The end result is a tangy jam that pairs well with sharp cheddar, aged gouda, or fresh goat cheese. I was a little bit torn about adding the raspberries because I knew they would change the golden color dramatically, but I like the texture the seeds provide. On my next go round I’ll try it without the raspberries. But for now I’m enjoying this unusual blend with a hint of heat and plotting my next chance to sneak away with my fine-tipped scissors to battle mosquitoes on a rocky slope by the sea and snip away. Because now that I have some first-hand experience with the fascinating havtorn, I’m hooked.
Havtorn and raspberry jam with red chili
makes about 2 cups (480ml)
I like my jam a bit on the tart side, so if you prefer more sugar, adjust accordingly. To help cut the acidity in the berries you can pick them after the first frost or alternately pop them into the freezer for an hour.
4 cups (1kg) havtorn berries
2/3 cup (160ml) raspberries
3/4 cup (180ml) apple juice
4 tablespoons apple juice concentrate
2 1/4 cups (500g) sugar
1-2 mild red chilis, minced and seeded
juice and zest of 1 lemon
1. Put a small, white plate in the freezer.
2. Place the clean havtorn berries in a non-reactive, medium-sized saucepan and add just enough water to cover the berries. Bring to a boil. Reduce heat and let berries simmer until they release their seeds and break down to a liquid. Strain the havtorn liquid through a saftsil or cheesecloth. You should have about 2 cups of havtorn juice. Discard the seeds and pulp.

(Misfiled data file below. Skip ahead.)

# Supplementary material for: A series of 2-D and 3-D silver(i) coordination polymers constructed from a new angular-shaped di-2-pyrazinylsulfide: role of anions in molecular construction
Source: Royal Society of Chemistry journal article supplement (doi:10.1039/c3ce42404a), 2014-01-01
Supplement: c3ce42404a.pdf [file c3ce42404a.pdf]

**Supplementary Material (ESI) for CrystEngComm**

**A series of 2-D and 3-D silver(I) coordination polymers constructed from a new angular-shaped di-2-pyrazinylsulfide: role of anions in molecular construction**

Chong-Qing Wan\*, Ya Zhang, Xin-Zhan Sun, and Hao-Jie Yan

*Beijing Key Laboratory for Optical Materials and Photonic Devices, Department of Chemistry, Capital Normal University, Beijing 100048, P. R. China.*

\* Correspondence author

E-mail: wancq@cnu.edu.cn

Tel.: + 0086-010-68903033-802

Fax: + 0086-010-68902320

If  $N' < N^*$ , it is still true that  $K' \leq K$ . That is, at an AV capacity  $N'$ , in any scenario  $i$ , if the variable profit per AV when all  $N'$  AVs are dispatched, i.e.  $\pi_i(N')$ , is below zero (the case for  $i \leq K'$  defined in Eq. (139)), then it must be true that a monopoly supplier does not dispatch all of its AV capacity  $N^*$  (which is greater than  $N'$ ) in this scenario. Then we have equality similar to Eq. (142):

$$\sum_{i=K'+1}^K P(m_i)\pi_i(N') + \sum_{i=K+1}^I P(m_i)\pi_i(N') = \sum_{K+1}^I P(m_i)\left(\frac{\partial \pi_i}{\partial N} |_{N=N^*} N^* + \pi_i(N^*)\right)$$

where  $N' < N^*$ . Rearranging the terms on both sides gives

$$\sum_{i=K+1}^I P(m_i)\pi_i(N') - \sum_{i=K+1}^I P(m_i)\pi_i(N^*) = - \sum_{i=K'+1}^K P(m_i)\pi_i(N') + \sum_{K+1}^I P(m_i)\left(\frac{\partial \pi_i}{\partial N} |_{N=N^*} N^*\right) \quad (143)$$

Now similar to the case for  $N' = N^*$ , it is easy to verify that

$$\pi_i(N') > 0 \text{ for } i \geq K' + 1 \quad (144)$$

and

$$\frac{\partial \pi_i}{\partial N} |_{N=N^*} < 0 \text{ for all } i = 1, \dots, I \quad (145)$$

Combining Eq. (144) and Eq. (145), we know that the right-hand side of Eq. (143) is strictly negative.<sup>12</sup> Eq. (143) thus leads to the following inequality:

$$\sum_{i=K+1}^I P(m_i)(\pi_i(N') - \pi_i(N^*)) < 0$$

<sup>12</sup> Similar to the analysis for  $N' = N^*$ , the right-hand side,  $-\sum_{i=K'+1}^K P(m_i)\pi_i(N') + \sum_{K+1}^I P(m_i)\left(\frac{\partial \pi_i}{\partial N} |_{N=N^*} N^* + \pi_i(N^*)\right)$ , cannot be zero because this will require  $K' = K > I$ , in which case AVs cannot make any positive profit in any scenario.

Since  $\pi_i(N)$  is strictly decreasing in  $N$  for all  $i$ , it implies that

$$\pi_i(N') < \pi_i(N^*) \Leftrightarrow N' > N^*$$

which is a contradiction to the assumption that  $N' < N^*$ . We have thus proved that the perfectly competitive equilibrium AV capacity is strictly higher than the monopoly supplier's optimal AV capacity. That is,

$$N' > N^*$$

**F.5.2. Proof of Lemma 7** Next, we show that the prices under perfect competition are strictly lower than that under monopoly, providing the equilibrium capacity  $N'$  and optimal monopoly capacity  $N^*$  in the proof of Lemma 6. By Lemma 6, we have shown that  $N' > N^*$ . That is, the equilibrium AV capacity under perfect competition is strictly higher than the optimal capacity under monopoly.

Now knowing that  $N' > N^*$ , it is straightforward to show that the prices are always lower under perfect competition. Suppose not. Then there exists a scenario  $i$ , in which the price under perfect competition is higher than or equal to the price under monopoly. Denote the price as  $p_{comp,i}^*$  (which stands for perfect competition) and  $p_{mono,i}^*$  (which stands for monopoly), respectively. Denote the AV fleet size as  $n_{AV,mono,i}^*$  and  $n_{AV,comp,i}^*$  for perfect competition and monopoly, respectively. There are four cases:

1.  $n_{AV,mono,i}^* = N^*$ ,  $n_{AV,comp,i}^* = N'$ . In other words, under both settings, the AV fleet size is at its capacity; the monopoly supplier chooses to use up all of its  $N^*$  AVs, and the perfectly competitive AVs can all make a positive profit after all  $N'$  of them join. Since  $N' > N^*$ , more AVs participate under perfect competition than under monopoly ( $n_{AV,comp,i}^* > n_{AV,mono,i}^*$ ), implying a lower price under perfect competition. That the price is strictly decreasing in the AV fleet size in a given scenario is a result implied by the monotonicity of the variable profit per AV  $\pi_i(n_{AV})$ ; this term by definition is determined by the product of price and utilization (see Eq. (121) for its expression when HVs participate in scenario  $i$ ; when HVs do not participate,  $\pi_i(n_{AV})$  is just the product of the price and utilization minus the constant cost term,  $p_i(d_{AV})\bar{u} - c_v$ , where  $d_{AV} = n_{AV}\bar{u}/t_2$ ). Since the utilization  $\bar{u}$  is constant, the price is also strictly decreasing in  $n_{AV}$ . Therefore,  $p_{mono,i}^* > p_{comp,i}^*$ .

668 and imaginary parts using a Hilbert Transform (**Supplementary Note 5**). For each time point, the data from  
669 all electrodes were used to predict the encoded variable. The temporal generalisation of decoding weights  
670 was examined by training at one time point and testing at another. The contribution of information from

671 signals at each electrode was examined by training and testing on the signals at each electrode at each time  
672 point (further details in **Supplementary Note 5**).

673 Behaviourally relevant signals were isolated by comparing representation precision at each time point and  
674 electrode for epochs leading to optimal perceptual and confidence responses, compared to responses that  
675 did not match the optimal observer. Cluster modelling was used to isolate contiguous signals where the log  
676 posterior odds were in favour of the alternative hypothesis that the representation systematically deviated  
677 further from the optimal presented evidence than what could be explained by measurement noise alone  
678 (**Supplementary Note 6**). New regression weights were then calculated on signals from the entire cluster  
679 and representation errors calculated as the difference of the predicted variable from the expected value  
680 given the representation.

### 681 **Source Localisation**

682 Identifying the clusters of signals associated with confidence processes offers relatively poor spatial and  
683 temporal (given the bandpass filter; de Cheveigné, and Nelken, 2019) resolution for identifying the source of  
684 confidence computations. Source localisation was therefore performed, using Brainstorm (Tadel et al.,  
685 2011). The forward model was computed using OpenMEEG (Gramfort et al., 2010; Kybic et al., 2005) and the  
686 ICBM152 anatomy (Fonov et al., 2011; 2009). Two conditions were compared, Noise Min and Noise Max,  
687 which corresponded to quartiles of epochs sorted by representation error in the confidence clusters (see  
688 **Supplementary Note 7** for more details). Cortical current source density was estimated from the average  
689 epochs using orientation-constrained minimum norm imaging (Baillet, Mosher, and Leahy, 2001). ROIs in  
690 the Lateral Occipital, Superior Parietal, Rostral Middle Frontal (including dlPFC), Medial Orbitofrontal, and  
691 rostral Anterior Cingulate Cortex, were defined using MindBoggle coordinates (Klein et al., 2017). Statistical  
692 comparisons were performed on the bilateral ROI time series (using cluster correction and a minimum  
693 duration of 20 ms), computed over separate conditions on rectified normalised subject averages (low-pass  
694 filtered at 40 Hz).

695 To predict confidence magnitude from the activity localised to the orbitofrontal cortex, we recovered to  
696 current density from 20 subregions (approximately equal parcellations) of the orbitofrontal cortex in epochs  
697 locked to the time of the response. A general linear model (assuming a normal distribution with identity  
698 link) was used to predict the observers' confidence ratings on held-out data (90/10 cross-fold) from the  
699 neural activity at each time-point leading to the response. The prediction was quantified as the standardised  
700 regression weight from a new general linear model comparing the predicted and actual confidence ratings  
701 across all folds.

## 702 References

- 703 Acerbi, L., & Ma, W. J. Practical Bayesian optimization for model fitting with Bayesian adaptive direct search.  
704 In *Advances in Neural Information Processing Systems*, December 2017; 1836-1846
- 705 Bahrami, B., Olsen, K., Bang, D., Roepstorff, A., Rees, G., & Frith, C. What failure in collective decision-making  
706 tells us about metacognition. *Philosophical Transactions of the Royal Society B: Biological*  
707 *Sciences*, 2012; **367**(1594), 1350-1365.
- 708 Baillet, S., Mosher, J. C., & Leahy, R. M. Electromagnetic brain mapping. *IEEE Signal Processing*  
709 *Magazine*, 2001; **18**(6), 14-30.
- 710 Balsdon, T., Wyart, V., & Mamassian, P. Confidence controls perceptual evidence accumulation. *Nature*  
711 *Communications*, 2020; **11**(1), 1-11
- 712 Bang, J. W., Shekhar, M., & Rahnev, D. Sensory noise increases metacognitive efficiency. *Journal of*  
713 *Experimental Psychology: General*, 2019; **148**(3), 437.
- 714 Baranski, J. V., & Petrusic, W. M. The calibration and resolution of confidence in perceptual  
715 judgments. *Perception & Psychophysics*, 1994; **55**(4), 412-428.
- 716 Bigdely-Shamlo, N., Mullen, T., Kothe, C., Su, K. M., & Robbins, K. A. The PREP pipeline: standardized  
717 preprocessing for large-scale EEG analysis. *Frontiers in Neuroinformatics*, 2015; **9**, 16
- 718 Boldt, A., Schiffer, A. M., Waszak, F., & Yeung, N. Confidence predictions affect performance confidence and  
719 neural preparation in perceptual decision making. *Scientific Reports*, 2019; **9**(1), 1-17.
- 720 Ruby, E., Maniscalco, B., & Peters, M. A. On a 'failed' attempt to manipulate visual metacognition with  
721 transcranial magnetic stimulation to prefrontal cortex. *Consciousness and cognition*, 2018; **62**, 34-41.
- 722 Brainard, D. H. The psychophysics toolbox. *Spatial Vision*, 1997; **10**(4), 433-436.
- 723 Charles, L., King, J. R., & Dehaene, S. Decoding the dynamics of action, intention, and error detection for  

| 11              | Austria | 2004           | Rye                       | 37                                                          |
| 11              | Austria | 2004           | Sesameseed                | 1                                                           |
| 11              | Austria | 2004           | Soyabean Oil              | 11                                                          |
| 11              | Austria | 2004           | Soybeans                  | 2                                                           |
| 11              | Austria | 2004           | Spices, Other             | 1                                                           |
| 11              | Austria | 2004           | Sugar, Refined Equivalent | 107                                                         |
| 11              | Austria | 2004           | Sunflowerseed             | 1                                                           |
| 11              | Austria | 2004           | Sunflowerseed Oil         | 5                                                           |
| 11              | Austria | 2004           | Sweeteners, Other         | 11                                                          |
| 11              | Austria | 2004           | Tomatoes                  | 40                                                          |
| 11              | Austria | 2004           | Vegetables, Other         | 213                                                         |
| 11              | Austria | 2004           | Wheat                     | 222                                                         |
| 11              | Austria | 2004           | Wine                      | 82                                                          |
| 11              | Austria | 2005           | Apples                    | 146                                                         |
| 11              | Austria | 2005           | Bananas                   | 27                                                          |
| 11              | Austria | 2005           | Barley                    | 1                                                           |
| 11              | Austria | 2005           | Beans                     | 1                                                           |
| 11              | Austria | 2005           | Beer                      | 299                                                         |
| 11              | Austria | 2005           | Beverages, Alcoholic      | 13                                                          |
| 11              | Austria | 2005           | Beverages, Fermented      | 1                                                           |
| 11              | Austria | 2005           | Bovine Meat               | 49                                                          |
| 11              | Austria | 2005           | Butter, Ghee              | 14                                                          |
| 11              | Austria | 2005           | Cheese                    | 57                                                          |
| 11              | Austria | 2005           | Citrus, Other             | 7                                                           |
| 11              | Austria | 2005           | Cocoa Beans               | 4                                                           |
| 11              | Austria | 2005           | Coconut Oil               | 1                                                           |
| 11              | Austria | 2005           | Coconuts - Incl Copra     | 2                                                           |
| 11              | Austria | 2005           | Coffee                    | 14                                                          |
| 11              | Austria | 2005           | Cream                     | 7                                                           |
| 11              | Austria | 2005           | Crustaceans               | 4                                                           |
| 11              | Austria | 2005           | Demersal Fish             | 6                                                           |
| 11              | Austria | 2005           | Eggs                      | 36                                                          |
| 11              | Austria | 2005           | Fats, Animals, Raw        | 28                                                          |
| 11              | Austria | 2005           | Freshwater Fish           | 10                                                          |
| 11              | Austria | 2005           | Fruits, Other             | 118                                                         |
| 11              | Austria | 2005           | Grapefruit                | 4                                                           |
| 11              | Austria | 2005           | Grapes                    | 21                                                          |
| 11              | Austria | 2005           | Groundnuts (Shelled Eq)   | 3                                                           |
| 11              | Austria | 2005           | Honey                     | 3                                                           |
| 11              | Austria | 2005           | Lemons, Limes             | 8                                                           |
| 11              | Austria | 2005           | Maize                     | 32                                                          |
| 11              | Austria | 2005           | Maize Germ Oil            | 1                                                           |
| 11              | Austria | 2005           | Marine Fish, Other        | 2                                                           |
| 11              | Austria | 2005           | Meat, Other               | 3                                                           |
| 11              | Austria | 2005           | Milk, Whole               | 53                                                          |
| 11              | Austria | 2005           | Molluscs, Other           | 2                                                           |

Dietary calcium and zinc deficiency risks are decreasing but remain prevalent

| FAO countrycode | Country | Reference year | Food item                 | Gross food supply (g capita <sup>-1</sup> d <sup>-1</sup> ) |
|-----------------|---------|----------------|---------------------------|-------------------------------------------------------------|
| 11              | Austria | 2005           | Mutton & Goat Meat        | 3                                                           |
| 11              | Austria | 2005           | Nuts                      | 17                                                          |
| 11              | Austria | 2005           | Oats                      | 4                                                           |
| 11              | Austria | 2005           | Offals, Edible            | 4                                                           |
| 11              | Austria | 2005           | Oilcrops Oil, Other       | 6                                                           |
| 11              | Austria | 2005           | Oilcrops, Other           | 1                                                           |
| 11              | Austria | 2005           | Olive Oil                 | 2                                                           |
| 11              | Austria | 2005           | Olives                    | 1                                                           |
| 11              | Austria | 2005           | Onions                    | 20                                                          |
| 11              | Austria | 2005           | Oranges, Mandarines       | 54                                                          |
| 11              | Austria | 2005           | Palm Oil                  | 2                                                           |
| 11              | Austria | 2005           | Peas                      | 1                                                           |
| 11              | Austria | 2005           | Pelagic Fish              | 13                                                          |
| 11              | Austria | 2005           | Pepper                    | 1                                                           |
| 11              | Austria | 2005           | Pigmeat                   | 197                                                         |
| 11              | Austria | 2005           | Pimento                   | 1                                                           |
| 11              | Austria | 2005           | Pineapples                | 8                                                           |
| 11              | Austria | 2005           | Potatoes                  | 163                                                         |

3. Place the strained havtorn liquid in a medium-sized saucepan and add the remaining ingredients. Cook over medium-high heat until the sugar dissolves. Bring to a boil and let cook undisturbed for five minutes.
3. Remove from heat and skim off any scum. Put a small amount of jam on the frozen plate. Return the plate to the freezer for a few minutes and then do the nudge test to see if it is ready. If the jam wrinkles and follows your finger when you nudge it, it’s ready to jar. If it isn’t set, put it back on the heat and keep re-testing until done.
4. Ladle the hot jam into clean jars (make sure they aren’t cold or they will break), put on the lid, and turn them upside down immediately to help seal them. Cool the jars to room temperature and store in the refrigerator for several months. You could also store them in the freezer if you leave some space for expansion in the jar, about 3/8 inch (1 cm). If you are interested in trying traditional canning which won’t require your jam to be refrigerated, you can check out www.freshpreserving.com for tips.